Running a 100-mile marathon had been one of Nestor's goals since the trail series. His diagnosis initially put that aspiration in jeopardy. But while he was recovering from surgery and radiation, he concluded that running the race would help him fight cancer. If he could finish the 100 miles while on chemotherapy, then he could beat brain cancer, he thought.

When his neuro-oncologist Dr. Henry Friedman heard about the plans, he was surprised. Yet, Friedman cleared him to run.

"He's healed from surgery. [He] recovered from radiation,” says Friedman, who also trains with Nestor at Empower Personalized Fitness. “We didn’t think there was any medical indication to prevent him from doing that.”

Nestor's wife Ashley supported the idea but also had reservations. He was still receiving chemotherapy, and she had heard that extreme running could cause brain swelling. She also felt powerless knowing that she could not be there with him if something suddenly happened while he was running.

“Once I realized it was that important to him…and with everything we’d been through in knowing this might be his only opportunity to do something like that, I kind of just got on board,” she says. "[But] the way I was worried about him…I could only equate that to how I felt when he was in the hospital when he was having surgery.”

After registering for the race, Nestor sometimes had second thoughts too. But he had already paid his $180 entrance fee and made a commitment. He refused to break it. 

He started training about a year before the race. His goal was to run at least 55 to 65 miles per week within a month before the marathon. So on almost every Saturday morning until then, he battled the fatigue caused by chemotherapy and gradually increased his mileage. From 14 to 16 to 18 to 20. And in several months, he was running more than 40 miles—up to 12 straight hours—once a week.

When he wasn't running, he was recovering, and there was little time to do much else on weekends.

“I’m not washing the car, I’m not going grocery shopping," he says. "I’m toast." 

* * * 

The Umstead 100 Ultra involves eight laps around Umstead Park. The race begins at 6:00 a.m. on the first Saturday of April. Most participants keep running with headlamps into the dark hours of the next morning.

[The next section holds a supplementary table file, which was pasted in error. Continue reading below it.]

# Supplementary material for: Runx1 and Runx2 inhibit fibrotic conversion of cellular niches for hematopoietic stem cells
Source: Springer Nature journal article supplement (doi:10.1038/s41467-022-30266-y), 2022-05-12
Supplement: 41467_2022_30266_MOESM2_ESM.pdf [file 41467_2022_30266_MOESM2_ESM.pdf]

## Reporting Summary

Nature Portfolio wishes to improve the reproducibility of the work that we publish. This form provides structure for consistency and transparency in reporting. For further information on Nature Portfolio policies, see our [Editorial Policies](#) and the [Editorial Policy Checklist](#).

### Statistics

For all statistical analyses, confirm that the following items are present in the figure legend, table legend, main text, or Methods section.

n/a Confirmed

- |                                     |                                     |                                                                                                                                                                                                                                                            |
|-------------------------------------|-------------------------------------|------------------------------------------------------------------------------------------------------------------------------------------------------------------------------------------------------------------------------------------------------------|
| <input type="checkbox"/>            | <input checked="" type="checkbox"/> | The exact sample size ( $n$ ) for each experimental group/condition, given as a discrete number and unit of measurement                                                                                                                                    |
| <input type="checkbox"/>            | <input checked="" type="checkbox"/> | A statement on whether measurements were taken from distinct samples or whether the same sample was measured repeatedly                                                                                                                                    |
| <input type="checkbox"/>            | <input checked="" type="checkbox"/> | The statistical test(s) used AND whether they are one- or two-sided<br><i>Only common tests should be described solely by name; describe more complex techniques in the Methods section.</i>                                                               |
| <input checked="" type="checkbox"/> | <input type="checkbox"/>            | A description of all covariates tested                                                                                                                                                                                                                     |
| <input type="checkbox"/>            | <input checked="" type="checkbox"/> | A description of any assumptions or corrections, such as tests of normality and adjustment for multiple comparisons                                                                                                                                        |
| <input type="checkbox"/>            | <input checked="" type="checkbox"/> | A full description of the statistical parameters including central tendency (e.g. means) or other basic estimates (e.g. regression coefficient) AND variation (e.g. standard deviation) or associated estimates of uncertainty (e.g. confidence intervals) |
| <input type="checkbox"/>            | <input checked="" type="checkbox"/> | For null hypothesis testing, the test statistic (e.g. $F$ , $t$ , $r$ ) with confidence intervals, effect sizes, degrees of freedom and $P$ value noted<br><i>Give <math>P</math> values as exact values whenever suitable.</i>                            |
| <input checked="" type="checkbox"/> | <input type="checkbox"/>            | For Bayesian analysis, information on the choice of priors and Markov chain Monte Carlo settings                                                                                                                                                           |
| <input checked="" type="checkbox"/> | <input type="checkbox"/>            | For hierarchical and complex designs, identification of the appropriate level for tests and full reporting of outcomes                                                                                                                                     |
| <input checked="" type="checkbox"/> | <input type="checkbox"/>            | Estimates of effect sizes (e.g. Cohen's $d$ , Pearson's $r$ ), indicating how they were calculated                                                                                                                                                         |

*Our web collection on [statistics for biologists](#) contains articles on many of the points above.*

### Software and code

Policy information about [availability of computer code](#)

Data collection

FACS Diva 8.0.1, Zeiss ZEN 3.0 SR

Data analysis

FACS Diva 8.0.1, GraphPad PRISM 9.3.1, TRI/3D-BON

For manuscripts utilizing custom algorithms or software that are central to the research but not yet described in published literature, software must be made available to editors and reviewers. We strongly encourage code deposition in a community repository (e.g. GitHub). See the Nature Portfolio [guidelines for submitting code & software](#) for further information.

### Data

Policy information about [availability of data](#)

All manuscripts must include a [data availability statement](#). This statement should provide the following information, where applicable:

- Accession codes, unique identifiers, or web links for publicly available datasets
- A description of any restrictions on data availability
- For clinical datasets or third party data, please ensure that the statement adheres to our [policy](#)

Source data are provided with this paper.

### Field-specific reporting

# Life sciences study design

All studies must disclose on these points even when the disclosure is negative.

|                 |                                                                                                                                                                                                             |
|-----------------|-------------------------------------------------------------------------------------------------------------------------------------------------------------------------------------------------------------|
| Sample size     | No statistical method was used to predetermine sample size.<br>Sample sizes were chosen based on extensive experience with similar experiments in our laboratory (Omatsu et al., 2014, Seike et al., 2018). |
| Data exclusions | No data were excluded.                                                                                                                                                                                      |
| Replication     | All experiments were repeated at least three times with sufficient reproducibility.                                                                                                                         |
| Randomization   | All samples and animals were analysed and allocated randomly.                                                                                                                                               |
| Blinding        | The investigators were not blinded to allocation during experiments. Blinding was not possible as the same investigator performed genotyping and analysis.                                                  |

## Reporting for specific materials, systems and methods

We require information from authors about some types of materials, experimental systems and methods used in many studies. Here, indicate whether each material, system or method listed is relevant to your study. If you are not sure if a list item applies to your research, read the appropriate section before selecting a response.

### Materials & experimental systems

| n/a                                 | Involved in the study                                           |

Throughout the race, runners make brief pit stops where they can quickly pick up food and change their clothes and shoes. The food includes hamburgers, pizza and other items you would not want to eat on an ordinary run. Nestor says that when running long distances, the body needs fat, protein, calories and carbs.

Nestor's food of choice as he was running—turkey and swiss sandwiches loaded with Kroger’s Organic Mayo. The mayo helped him swallow them faster, the same way water helps competitive eater Joey Chestnut devour hot dogs at the July 4 Nathan's eating contest.

“Most of the time I couldn’t finish it in time before I started running again, so I would just be holding it,” Nestor says.

Holding it until he started walking again. Nobody in the race runs all 100 miles. Rather, participants must gauge how often to walk in order to still finish within the 30-hour time limit.

Nestor decided to speed-walk all of the up-hills and run all of the down-hills and flat surfaces. That worked for the first half of the race, but finishing those next 50 miles was painful. He dealt with a sore foot, blisters and a strained calf muscle. He also had to take a chemotherapy pill around the 70-mile mark. But at 11:30 a.m. on April 2, he finished.

“It was insane. That really hurt,” he says. “Nothing hurt as much as the 100 miles. Not even surgery.”

* * * 

Nestor is not the only Duke brain cancer patient to take up ultra running. Tom O’Donnell became a marathon runner after he was diagnosed in 2009. And Nestor knows other people who have become endurance athletes during or after their treatment.

Friedman has not noticed any link between brain cancer treatment and running but is not surprised that patients would want to be active. It's a way for them to show that their health is back to what it was and that they are just as capable of doing things as other people, he says. 

But Nestor has proven a lot more than that. With each stride during those 100 miles, he showed that his body may break down, but his mind—even with a tumor—will forever stay on course.